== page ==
Guelaguetza is one of the world’s most important festivals and takes place every year in Oaxaca, Mexico. This year the celebration takes place on July 17 and 24 and in 2018, the likely dates are July 23 and 30.
Introducing the Guelaguetza
Some of the most colorful celebrations in the Americas take place in the southeastern corner of Mexico.
Since 1932 the city of Oaxaca de Juárez and neighboring villages have put on a show of Indigenous cultures that inspire locals and visitors alike.
The Guelaguetza is one of Mexico’s premier celebrations of music and dance with roots that date back to ancient times and in a more polished sense since 1932. Also known as Lunes del Cerro (“Mondays of the Hill”), this is the largest folklore festival in the Americas.
2017 celebrations are Monday, July 17 and 24. The state-sponsored Guelaguetza takes place at the auditorium on Fortin Hill . Smaller Guelaguetzas are held in towns in the Central Valleys, including Zaachila, Cuilapam de Guerrero (near Zaachila), San Antonino Castillo Velasco (near Ocotlán de Morelos), Tlacochahuaya, Reyes and Villa de Etla.
The festival links Indigenous traditions with the Catholic faith and occurs on the two Mondays following July 16th, the Day of Saint Carmen, except when July 18 falls on a Monday, because that date is reserved for the solemn commemoration of the death of President Benito Juárez in 1872. In that instance Guelaguetza is celebrated on the last Monday of July and the first Monday in August.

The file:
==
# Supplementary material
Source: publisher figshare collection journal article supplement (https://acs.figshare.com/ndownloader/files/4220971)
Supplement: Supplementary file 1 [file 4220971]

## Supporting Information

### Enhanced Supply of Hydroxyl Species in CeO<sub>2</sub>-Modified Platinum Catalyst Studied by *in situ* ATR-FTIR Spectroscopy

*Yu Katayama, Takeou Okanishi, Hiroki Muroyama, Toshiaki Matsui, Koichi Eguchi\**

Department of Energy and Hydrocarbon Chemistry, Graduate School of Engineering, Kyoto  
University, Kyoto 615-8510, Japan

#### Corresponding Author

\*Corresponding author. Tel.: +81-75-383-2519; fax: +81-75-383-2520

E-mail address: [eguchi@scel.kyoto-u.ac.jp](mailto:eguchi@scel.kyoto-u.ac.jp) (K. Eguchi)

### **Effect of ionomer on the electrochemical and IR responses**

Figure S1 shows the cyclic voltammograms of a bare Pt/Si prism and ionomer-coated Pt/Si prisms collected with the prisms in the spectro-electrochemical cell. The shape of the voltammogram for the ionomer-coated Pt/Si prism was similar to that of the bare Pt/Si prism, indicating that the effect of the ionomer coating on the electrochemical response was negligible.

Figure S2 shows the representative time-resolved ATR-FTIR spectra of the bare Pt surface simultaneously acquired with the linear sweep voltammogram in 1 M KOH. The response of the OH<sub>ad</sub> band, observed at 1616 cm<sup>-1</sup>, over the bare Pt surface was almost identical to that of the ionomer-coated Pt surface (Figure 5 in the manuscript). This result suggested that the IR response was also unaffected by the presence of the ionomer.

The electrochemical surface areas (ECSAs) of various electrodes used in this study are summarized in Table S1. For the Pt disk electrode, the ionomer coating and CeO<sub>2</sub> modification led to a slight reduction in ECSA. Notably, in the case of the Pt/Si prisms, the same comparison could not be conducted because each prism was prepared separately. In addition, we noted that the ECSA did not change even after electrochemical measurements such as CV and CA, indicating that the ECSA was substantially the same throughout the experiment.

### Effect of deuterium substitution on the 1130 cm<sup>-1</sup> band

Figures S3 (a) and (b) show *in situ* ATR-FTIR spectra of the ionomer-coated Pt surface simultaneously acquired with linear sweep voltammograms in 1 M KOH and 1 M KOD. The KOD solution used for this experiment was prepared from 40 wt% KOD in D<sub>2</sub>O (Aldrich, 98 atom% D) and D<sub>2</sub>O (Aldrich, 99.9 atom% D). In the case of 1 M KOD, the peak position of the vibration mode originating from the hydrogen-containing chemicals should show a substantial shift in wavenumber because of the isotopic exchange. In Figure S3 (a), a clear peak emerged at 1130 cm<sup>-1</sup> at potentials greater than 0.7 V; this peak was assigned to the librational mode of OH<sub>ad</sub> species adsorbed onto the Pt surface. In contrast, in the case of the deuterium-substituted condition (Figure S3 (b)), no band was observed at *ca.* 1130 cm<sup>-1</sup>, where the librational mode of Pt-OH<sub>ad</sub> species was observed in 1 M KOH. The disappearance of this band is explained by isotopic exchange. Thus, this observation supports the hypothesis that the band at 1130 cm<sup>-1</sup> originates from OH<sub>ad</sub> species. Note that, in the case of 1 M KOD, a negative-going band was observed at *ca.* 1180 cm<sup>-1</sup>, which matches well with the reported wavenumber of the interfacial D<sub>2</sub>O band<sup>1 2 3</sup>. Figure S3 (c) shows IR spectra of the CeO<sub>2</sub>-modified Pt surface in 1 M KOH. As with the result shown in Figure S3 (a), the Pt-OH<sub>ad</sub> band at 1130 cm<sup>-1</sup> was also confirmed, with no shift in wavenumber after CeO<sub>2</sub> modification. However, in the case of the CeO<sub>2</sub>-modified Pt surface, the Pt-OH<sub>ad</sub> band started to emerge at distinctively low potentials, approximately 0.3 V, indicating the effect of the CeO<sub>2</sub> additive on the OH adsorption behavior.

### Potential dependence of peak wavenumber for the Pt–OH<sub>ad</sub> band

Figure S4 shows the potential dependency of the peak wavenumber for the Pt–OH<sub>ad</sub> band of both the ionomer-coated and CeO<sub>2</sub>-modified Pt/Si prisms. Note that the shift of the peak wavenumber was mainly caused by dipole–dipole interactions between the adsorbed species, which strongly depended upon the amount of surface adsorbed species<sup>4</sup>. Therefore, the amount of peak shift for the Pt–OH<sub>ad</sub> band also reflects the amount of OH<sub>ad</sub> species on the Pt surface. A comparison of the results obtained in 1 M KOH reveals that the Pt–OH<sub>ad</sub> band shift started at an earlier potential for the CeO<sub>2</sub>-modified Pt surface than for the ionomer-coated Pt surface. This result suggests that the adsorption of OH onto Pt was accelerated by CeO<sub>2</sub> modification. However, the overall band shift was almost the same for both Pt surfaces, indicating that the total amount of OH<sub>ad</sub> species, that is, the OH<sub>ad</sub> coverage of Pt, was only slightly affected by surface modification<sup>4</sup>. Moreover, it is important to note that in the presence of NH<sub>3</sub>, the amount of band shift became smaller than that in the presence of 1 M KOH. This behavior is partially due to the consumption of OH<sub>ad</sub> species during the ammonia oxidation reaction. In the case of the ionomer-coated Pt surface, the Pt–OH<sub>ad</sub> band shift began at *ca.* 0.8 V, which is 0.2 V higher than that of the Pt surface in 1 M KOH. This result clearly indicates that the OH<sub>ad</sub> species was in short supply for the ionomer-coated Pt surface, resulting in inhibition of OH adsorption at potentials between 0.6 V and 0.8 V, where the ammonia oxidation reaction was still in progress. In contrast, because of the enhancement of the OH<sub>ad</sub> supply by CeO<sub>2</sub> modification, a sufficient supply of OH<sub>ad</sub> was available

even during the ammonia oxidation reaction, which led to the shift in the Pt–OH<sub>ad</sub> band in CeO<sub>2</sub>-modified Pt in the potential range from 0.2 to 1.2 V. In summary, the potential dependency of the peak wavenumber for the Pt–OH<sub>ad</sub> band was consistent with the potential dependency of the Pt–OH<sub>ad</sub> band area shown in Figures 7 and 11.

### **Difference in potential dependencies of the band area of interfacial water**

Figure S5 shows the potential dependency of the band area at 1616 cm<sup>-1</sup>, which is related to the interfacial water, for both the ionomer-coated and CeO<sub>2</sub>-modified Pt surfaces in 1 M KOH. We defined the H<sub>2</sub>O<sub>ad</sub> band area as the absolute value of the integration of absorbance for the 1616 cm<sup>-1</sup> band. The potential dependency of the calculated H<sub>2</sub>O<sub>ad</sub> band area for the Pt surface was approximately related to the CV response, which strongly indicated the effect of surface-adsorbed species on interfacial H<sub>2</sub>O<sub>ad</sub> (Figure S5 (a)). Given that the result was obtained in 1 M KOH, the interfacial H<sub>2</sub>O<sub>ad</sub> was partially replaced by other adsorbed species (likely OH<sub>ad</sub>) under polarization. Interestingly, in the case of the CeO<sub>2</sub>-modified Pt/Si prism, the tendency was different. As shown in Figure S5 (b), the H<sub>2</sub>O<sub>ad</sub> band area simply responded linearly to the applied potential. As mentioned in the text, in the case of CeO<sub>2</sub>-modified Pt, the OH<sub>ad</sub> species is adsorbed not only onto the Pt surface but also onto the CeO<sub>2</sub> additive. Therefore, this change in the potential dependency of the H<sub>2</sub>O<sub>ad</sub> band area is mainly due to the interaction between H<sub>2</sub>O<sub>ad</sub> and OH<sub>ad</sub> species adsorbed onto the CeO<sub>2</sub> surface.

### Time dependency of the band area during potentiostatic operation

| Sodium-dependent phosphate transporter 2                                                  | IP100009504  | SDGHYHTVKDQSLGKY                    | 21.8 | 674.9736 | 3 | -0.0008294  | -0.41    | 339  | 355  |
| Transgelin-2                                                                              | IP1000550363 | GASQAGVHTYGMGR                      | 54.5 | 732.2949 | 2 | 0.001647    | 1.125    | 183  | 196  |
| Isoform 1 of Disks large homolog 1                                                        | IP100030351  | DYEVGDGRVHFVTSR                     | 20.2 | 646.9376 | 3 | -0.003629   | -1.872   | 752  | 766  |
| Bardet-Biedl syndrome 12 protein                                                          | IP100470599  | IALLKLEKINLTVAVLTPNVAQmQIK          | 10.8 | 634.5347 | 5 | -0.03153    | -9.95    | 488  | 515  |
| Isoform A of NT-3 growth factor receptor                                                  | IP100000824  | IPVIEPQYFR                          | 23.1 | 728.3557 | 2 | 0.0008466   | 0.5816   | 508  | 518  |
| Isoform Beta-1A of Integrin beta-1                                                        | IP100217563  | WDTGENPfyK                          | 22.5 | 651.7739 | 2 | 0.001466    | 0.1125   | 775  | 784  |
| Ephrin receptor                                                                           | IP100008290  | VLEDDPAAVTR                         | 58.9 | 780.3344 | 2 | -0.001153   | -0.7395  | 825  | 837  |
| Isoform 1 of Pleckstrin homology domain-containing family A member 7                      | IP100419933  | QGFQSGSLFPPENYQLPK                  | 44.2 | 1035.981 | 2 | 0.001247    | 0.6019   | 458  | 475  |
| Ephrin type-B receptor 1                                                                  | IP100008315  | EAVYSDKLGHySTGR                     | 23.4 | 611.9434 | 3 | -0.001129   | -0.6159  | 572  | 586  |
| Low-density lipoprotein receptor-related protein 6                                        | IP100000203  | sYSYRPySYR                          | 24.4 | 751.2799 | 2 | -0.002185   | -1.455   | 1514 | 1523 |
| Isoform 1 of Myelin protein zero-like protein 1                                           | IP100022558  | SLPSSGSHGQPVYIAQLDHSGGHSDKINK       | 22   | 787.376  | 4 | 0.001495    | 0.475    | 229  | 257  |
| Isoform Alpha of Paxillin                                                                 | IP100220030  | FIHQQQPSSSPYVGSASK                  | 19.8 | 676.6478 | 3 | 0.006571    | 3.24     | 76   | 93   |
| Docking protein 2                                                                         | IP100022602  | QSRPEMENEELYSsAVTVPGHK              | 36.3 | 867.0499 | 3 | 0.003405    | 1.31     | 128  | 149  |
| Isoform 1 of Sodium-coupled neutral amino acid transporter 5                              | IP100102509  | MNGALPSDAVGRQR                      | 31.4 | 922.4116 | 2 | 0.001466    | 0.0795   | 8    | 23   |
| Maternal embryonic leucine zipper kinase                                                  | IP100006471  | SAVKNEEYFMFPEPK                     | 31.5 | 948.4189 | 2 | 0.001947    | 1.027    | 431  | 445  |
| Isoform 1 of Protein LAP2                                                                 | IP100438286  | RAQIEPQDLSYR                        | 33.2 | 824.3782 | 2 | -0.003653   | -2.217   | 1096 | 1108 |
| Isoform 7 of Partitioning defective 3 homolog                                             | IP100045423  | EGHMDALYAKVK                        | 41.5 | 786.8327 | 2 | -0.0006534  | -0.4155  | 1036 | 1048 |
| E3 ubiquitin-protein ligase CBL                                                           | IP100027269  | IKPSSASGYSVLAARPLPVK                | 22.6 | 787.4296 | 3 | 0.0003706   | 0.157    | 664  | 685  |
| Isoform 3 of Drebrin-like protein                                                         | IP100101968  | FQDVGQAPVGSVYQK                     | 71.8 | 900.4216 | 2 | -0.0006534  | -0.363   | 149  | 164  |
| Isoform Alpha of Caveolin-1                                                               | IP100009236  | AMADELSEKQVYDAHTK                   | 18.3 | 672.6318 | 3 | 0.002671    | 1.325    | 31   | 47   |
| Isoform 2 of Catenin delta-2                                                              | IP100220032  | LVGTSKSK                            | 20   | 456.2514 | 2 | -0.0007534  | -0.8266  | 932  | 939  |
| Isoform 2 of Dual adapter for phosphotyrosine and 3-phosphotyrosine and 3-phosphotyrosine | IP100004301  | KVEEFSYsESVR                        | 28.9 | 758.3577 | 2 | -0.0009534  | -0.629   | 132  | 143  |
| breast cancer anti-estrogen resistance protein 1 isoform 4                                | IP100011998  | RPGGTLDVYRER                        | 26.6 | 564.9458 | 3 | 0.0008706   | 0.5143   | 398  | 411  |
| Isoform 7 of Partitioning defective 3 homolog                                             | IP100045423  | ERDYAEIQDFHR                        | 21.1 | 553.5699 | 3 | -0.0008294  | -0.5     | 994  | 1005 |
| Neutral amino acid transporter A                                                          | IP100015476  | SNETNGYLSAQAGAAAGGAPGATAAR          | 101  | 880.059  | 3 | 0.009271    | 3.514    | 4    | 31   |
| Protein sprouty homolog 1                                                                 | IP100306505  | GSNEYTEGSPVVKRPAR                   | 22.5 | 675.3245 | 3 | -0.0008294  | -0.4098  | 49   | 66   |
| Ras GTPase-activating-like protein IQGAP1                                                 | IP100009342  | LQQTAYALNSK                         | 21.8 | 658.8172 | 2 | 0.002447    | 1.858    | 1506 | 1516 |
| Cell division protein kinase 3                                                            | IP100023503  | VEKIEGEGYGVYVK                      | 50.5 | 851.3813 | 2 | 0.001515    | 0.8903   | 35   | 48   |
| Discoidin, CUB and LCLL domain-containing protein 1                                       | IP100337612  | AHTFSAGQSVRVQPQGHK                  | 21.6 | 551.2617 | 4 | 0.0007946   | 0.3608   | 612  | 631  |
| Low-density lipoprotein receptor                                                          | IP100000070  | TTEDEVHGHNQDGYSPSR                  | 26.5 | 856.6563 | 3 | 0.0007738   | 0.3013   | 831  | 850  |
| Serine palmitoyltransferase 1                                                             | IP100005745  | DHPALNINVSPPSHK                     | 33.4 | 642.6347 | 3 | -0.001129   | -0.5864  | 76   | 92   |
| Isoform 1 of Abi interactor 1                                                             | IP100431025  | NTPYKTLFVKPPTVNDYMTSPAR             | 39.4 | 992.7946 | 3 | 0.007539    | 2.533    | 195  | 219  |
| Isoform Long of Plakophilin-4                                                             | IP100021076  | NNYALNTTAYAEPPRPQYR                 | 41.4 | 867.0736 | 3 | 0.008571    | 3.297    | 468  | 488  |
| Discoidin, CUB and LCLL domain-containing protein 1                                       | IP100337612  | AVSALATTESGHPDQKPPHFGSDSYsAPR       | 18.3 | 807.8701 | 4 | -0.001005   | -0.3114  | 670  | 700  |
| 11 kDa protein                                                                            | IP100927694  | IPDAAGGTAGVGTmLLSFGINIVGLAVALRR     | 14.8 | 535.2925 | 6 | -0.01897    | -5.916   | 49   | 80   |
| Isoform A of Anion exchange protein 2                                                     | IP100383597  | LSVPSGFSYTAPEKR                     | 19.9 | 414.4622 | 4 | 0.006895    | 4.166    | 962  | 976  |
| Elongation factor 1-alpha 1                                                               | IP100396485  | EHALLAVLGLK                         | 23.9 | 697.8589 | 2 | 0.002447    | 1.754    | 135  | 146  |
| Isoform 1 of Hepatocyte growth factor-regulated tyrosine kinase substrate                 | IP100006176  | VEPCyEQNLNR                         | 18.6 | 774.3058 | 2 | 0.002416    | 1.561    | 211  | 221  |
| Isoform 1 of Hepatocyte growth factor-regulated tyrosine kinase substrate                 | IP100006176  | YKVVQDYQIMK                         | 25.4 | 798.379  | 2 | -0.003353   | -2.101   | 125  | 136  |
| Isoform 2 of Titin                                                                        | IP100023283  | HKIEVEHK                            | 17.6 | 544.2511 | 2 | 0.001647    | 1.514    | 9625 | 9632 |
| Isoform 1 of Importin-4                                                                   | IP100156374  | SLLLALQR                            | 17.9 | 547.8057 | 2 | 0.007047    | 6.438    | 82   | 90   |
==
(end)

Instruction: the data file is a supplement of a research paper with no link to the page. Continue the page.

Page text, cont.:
The Sunday before the event begins a young woman is chosen to represent Centeotl. She is chosen on the basis of how well she represents her community.
In one translation, the word “Guelaguetza” corresponds to paying off social debts. The word Guelaguetza comes from the Zapotec language and means “reciprocal exchanges of gifts and services.” At its center is an exchange of products and services, an age-old tradition of “paying it forward.”
The term Guelaguetza derives from the Zapotec term “guendalezaa” which means “offering, present, fulfillment.” The term was used during colonial times as the prerogative of the Spanish elite to receive the first and best of the harvest collected by the Indigenous people.
Gifts are cataloged and repaid at other guelaguetzas. This tradition is voluntary, contrasting with the “tequio,” obligatory communal work which also plays an important role in social relations.
Of special interest is the translation of Guelaguetza in Teotitlán del Valle. According to Zeferino Clemente Mendoza Bautista, it means the Tortilla from the Zapotec farm (Tortilla de Milpa Zapoteca)
Guela… Family farm (milpa)
Zaa…….Clouds (nubes) (an allusion to the Zapotec people)
Dances range from solemn to raucous expressions of local culture. At the end of each dance, each delegation presents their own “guelaguetza” to the audience by throwing small fruit, hats, and even coconuts and pineapples.
The audience stays alert to catch the gifts and to avoid getting hit by projectiles. Pineapples sting the most.
While the formal dances occur only two days each year, the entire month of July is filled with folk art and gastronomic exhibitions.
There are numerous festivals on July 16 – the Day of Saint Carmen – as well as a convite 9 days earlier on July 7.
Other related events in Oaxaca City include an eye-popping sale of regional folk art and theatrical events including Donají, La Leyenda.
Pedestrian-friendly Alcalá Street becomes dancer-friendly on late Saturday afternoons (before the Monday Guelaguetza). The celebration begins with Oaxaca’s famous Calendas, a colorful parade of participating delegations and led with giant papier mache figures.